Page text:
National Library Month is one of those things that typically rivals, unsuccessfully, National Library Week, in public libraries, an event which libraries justifiably celebrate. In addition, with poetry collections that languish on all libraries’ shelves—academic and public alike—competing with the flash and urgency of technology, it’s not surprising.
This year, however, I’m hoping to hoist poetry in our library back on the pedestal where it deserves to be.
We will have a number of events in April to celebrate National Library Month, including a contest in which patrons who check out collections of poetry will have the opportunity to win one of six coffee mugs, featuring the poems of beloved poets.
We will also, throughout the month, have a ‘Spine Poetry’ table, on which patrons may take random library books and create poems with the titles of the books. The results of this, as I have learned in another great public library, are often inspiring and moving, and sometimes quite funny!
Finally, we will hold the first meeting of a Poetry Group on April 24 at 7:00 PM, ironically entitled “For Poetry Makes Nothing Happen,”—a line from W.H. Auden’s “In Memory of W.B. Yeats.” This program for adults, which we will offer every month, allows members of the community to read their own poetry, poems by others which hold special meaning, and discuss what poetry means to them in their own lives.
The poet Philip Larkin once wrote in a poem about a great jazz musician—“On me your voice falls as they say love should,/like an enormous yes.” This line could easily apply to poetry.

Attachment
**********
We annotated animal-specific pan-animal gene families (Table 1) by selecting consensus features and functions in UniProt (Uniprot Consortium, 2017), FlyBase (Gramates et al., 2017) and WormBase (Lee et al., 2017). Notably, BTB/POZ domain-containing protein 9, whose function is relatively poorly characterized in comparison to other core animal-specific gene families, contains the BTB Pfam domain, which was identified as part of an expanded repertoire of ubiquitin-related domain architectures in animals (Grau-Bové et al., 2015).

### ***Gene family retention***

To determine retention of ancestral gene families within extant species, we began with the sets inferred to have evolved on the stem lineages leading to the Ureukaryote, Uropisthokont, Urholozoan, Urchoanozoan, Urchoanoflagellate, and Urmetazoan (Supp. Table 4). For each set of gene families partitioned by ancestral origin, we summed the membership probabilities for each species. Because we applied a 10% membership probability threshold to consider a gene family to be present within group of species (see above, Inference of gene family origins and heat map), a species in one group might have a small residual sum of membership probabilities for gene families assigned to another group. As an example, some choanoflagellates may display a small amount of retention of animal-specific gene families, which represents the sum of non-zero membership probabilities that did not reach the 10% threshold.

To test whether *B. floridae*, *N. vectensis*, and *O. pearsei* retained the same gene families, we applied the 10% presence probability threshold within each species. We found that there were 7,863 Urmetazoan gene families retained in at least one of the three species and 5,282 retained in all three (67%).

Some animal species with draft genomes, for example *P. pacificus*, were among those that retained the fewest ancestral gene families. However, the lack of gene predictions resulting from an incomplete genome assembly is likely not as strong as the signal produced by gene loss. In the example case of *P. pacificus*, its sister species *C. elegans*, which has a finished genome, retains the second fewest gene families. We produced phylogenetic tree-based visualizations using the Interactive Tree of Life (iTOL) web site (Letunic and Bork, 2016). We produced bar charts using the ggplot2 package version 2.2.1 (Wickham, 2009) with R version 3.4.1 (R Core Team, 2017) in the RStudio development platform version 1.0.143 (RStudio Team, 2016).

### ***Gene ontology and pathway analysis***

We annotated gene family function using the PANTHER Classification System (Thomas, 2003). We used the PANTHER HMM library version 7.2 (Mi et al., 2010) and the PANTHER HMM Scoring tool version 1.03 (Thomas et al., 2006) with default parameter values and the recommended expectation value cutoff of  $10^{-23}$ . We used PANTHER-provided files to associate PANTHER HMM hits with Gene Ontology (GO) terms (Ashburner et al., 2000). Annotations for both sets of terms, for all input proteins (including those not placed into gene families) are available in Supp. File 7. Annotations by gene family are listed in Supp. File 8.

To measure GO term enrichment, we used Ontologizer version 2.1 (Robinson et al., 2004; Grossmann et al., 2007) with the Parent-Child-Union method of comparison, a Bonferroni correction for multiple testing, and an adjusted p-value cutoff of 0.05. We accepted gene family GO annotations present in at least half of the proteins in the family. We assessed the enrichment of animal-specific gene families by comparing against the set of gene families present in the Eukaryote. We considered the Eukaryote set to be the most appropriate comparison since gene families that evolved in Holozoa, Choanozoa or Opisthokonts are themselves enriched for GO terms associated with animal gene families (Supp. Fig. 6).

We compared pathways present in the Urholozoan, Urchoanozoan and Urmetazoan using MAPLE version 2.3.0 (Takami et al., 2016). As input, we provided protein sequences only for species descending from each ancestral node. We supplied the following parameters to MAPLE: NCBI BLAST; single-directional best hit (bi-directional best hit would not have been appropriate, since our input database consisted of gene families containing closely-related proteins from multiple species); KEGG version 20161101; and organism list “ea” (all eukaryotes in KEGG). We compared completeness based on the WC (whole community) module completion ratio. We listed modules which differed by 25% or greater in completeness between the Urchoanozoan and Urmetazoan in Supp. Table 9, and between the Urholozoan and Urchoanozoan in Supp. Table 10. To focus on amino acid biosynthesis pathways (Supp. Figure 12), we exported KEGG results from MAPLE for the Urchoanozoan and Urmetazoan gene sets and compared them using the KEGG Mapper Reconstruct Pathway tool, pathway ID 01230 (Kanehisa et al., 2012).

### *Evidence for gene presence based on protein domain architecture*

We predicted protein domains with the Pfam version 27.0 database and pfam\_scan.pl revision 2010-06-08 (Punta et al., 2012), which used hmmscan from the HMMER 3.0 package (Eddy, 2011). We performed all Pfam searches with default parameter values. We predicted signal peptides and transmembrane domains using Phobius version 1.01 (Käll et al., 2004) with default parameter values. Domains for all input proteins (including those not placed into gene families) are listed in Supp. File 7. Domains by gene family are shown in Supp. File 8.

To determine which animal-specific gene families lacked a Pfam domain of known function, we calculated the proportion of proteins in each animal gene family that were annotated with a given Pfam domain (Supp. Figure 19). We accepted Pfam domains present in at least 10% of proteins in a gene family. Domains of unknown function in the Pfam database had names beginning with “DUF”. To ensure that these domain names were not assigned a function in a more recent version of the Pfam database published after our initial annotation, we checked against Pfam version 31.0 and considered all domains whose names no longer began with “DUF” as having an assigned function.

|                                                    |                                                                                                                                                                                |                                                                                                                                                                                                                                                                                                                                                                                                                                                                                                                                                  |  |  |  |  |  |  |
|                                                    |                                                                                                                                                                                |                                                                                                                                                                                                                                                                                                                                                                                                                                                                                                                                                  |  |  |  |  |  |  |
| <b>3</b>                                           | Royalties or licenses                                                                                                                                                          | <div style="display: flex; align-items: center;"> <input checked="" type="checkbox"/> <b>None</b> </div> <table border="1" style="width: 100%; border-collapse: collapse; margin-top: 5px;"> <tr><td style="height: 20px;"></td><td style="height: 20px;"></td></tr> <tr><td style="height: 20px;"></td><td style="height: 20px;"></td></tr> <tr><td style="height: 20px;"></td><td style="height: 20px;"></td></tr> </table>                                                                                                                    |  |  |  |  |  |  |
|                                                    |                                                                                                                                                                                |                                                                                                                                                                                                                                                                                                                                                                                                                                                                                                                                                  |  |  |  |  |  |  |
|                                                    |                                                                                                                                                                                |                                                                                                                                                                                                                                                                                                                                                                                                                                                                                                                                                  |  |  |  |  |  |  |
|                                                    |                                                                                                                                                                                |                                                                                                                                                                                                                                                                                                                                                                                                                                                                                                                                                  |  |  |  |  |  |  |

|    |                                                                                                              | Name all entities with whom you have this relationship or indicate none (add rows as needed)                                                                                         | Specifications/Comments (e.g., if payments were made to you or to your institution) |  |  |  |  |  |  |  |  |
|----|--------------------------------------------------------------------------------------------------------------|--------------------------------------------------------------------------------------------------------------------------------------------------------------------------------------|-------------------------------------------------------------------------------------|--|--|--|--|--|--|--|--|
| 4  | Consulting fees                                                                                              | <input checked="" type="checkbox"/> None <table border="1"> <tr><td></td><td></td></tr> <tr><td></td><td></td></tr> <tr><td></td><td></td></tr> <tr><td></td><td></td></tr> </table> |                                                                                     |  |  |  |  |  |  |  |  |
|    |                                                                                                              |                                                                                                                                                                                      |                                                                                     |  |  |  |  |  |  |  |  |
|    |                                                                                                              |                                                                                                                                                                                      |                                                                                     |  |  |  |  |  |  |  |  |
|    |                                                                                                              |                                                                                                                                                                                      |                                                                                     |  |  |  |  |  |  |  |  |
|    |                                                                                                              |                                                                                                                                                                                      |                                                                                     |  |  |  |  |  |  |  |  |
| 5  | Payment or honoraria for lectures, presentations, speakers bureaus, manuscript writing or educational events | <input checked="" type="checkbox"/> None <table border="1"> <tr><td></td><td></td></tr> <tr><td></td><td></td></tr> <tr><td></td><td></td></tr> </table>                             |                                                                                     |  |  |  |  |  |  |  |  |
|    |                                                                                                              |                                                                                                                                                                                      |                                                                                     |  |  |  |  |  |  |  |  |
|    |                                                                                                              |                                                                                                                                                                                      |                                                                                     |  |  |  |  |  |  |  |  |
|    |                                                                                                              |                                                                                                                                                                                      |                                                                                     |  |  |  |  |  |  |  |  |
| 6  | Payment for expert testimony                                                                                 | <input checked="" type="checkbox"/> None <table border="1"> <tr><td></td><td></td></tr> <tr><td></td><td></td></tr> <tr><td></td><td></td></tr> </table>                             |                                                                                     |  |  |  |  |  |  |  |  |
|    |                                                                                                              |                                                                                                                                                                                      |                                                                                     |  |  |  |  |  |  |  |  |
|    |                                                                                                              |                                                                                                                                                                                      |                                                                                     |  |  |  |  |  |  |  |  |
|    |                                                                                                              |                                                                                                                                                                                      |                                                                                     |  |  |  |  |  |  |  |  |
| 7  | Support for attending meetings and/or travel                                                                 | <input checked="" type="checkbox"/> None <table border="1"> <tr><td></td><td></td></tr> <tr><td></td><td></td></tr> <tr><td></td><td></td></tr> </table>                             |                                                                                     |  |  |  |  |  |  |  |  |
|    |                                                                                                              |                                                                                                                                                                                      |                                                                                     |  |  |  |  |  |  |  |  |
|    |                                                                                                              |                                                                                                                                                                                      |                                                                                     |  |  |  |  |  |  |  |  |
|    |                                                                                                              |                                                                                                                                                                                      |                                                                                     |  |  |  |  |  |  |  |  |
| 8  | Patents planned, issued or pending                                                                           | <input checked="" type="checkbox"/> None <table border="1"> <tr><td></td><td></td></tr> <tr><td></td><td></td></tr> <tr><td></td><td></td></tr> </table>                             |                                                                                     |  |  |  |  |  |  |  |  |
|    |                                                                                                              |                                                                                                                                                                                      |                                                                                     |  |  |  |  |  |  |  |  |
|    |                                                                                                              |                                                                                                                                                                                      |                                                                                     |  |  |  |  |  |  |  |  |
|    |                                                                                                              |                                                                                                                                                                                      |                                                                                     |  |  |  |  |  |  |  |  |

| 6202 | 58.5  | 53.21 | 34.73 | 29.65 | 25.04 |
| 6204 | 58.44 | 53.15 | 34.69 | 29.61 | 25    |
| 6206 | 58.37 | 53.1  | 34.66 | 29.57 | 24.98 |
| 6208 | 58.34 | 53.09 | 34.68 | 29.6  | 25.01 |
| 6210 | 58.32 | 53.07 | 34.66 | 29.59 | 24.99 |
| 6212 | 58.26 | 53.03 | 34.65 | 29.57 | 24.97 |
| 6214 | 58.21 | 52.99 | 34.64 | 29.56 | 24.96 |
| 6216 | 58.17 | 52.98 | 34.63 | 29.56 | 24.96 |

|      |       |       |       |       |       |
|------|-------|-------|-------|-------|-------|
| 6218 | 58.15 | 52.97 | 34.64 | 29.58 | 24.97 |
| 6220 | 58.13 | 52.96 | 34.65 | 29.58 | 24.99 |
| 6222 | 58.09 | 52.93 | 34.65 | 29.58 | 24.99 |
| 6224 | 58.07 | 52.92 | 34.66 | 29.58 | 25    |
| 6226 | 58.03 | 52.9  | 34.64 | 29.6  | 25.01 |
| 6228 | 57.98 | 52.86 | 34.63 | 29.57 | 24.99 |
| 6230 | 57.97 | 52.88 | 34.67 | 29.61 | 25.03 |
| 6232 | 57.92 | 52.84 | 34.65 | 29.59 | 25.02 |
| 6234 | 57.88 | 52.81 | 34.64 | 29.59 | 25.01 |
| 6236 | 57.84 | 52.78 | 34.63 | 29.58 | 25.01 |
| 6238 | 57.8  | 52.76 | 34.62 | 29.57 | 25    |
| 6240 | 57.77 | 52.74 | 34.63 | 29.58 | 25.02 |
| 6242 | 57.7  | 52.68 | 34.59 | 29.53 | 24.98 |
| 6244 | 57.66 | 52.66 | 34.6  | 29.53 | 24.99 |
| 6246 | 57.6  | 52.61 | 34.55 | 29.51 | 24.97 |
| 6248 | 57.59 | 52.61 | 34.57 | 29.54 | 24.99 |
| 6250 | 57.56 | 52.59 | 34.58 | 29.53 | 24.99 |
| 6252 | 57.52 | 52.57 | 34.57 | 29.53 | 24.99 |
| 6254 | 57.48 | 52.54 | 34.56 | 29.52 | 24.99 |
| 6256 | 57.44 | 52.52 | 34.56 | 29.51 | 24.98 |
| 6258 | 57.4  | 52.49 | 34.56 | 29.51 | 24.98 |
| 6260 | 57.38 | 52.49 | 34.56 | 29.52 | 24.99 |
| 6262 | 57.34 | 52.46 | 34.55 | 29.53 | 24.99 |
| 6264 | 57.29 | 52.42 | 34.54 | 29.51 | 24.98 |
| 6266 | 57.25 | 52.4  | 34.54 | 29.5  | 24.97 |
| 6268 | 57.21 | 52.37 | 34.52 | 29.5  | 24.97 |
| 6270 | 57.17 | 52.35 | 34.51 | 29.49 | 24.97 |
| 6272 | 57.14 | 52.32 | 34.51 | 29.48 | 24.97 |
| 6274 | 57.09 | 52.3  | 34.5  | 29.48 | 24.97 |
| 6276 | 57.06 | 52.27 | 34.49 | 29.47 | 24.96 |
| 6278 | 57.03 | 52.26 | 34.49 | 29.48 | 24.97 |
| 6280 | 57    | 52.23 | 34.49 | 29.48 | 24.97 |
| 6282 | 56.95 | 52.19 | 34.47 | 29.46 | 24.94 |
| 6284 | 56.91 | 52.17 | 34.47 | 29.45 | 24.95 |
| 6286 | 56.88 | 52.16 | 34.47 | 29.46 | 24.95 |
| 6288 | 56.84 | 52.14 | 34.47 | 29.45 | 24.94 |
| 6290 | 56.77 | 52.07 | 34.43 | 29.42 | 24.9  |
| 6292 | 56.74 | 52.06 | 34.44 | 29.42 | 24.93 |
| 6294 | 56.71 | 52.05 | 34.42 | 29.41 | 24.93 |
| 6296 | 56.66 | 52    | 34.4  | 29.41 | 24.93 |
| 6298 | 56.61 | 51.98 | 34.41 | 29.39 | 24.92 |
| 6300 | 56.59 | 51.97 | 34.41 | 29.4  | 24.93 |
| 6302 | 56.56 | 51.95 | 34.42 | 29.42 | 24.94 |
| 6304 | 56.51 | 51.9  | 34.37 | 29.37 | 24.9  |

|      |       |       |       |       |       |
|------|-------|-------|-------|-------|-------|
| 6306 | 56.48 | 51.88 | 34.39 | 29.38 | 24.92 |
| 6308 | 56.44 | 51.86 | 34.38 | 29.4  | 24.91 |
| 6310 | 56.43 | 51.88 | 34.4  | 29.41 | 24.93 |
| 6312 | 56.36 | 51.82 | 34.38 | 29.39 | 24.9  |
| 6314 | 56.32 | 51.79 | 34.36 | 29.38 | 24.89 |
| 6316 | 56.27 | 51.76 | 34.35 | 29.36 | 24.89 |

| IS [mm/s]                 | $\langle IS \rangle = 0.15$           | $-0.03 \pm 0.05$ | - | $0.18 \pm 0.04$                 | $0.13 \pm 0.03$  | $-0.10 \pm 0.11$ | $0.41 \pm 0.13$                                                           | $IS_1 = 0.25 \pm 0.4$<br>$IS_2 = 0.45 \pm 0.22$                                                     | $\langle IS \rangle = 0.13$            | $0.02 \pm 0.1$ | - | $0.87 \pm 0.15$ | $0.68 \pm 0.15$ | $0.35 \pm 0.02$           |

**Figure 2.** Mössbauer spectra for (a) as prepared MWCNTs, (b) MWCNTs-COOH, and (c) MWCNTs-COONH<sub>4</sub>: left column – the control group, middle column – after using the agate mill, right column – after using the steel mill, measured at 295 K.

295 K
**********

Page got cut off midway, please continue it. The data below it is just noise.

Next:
Finally, poetry still has importance. It does make something happen. It can help us understand love and loss, youth and age, and the beauty of this rock on which we all live.
Poetry, like the public library, will always be here for you.
Information and Instruction Librarian
Asked for a Happy Memory of Her Father,
She Recalls Wrigley Field
His drinking was different in sunshine,
as if it couldn’t be bad. Sudden, manic,
he swung into a laugh, bought me
two ice creams, said One for each hand.
Half the hot inning I licked Good Humor
running down wrists. My bird-mother
earlier, packing my pockets with sun-block,
has hopped her warning: Be careful.
So, pinned between his knees, I held
his Old Style in both hands
while he streaked the lotion on my cheeks
and slurred My little Indian princess.
Home run: the hairy necks of men in front
jumped up, thighs torn from gummy green bleachers
to join the violent scramble. Father
held me close and said Be careful,
be careful. But why should be full of care
with his thick arm circling my should,
with a high smiling sun, like a home run,
in the upper right-hand corner of the sky?
Beth Ann Fennelly